色々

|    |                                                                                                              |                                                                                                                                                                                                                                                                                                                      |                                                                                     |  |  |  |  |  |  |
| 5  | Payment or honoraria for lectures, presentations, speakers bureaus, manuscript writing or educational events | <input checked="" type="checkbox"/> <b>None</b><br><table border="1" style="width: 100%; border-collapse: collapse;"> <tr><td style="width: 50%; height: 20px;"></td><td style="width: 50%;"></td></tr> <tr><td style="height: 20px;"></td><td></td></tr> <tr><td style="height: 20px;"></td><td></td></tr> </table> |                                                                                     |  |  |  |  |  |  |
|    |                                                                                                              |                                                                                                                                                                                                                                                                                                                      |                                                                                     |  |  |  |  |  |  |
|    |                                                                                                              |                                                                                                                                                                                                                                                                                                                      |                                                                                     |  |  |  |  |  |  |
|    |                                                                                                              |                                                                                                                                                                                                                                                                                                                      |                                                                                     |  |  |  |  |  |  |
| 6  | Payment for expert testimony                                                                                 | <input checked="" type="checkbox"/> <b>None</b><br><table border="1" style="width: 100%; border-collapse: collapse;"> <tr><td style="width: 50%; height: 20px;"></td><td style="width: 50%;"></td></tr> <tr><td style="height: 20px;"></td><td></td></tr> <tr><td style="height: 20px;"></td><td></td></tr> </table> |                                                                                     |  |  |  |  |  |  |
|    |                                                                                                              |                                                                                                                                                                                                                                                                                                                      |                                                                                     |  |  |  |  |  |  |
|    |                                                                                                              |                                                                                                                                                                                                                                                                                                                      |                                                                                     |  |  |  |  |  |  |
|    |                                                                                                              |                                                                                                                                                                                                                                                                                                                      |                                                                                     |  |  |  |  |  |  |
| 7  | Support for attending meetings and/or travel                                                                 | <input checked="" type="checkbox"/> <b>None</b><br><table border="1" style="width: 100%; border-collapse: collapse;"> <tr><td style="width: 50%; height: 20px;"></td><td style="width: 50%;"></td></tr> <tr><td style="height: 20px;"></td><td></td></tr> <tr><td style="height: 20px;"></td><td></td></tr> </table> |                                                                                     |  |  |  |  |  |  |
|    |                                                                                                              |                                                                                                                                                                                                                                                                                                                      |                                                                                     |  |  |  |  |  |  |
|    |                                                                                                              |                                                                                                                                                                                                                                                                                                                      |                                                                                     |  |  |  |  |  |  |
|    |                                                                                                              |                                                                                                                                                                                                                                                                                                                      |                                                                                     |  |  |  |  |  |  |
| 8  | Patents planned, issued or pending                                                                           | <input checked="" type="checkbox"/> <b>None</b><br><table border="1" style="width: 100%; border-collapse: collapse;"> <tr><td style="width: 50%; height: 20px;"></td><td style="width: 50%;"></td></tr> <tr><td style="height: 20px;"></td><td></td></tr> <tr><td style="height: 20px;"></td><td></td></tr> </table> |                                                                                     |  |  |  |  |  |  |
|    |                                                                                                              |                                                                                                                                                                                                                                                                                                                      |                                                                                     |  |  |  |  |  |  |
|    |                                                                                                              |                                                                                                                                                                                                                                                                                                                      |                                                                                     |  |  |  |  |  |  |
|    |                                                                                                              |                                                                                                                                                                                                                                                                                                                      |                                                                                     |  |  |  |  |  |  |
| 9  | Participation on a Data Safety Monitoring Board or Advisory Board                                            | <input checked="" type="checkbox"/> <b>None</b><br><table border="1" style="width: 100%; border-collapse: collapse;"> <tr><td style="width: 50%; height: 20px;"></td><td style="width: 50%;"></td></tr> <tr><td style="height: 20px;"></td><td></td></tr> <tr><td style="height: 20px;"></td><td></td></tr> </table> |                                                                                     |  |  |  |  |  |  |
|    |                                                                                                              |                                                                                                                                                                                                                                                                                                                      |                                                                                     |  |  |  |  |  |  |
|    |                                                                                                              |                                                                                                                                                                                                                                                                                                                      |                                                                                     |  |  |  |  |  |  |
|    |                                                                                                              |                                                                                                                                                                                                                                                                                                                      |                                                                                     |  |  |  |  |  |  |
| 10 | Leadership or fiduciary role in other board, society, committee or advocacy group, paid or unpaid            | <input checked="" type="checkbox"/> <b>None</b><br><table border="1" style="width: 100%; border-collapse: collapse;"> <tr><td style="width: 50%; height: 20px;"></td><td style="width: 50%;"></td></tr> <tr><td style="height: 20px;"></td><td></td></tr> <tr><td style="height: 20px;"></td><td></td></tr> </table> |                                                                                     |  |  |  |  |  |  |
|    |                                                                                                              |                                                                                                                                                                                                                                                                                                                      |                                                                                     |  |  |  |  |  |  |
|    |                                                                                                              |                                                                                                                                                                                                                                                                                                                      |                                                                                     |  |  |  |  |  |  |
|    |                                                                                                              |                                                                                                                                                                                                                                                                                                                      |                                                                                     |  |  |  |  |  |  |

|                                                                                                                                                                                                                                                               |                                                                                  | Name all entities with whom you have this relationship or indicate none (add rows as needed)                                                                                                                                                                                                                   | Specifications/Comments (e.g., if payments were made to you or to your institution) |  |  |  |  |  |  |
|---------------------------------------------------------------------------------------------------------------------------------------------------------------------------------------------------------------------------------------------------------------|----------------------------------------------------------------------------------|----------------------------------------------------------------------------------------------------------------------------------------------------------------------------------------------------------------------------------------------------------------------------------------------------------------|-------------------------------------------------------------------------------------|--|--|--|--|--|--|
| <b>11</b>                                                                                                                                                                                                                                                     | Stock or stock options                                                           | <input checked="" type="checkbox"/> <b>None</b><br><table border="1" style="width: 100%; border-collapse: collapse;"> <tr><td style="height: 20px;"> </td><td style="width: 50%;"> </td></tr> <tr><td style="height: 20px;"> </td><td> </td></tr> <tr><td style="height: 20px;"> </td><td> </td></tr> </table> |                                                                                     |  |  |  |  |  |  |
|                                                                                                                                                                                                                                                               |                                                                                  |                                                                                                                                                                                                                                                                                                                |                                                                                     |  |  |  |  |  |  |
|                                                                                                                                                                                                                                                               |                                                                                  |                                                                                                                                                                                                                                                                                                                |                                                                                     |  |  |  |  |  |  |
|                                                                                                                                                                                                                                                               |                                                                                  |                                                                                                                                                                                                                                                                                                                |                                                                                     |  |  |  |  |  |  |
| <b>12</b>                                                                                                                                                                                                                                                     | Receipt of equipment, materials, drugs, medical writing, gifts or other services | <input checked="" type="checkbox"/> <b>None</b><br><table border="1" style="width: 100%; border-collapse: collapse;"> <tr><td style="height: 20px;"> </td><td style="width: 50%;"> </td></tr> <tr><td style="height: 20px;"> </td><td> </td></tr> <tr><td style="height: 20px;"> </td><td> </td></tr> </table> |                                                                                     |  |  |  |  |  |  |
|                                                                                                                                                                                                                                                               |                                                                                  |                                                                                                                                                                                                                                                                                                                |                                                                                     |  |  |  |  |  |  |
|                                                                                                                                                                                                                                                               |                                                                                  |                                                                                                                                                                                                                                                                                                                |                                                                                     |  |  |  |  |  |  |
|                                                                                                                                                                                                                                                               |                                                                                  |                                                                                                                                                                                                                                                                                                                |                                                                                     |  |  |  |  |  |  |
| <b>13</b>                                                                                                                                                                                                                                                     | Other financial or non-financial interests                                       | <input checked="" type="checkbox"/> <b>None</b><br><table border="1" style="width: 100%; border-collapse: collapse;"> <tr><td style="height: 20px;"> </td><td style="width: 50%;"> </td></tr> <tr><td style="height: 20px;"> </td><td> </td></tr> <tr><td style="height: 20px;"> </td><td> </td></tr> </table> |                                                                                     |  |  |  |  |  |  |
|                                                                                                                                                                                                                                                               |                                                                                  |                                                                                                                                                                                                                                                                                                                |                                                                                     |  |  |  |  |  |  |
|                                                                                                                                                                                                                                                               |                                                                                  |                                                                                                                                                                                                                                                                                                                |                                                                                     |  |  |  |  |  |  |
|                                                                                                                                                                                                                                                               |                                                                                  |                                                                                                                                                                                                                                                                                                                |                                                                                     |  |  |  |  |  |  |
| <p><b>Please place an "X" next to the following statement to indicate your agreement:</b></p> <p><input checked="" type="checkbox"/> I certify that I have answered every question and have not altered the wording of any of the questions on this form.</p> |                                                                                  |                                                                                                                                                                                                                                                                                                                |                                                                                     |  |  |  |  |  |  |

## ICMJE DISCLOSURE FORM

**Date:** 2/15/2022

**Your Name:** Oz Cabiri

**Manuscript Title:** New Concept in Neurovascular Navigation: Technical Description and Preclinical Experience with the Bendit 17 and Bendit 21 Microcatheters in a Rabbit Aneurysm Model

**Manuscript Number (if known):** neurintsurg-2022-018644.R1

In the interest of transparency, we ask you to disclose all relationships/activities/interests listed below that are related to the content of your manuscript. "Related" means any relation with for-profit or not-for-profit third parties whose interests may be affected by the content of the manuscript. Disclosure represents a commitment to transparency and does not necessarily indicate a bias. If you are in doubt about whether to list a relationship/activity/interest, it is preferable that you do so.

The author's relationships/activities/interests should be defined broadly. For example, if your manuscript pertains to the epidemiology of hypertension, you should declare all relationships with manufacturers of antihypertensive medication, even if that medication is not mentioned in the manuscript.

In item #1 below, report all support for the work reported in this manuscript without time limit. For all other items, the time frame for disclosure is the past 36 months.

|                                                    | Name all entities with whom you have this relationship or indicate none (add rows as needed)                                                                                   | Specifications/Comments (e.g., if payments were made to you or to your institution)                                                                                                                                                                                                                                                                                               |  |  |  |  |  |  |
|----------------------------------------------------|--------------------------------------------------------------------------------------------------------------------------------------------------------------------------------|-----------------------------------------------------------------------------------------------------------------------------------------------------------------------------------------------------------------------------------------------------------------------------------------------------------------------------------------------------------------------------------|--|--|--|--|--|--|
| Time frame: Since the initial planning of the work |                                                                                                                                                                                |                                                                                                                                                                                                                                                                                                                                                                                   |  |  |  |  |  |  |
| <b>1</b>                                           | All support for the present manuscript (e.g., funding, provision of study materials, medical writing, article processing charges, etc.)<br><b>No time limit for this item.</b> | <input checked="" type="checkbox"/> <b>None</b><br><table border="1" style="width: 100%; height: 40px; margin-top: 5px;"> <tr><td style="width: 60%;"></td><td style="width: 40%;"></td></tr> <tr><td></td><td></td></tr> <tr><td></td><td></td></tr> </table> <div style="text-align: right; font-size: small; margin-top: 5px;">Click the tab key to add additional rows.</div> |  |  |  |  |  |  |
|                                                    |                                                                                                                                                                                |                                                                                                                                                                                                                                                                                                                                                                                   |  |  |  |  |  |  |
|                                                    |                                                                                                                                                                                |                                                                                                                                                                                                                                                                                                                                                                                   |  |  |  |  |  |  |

Their analysis showed that, in a culture with only two terms, the two terms would mean roughly ‘dark’ (covering black, dark colors and cold colors such as blue) and ‘bright’ (covering white, light colors and warm colors such as red). All languages with three colors terms would add red to this distinction. Thus, the three most basic colors are black, white, and red. Additional color terms are added in a fixed order as a language evolves: first one of green or yellow; then the other of green or yellow; then blue. All languages distinguishing six colors contain terms for black, white, red, green, yellow, and blue. These colors roughly correspond to the sensitivities of the retinal ganglion cells, leading Berlin and Kay to argue that color naming is not merely a cultural phenomenon, but is one that is also constrained by biology—that is, language is shaped by perception. A new study has been able to show that the origin of this hierarchy may be tied to human vision and the time ordering in which these color names get accepted or agreed upon in a population perfectly matches the order predicted by the hierarchy

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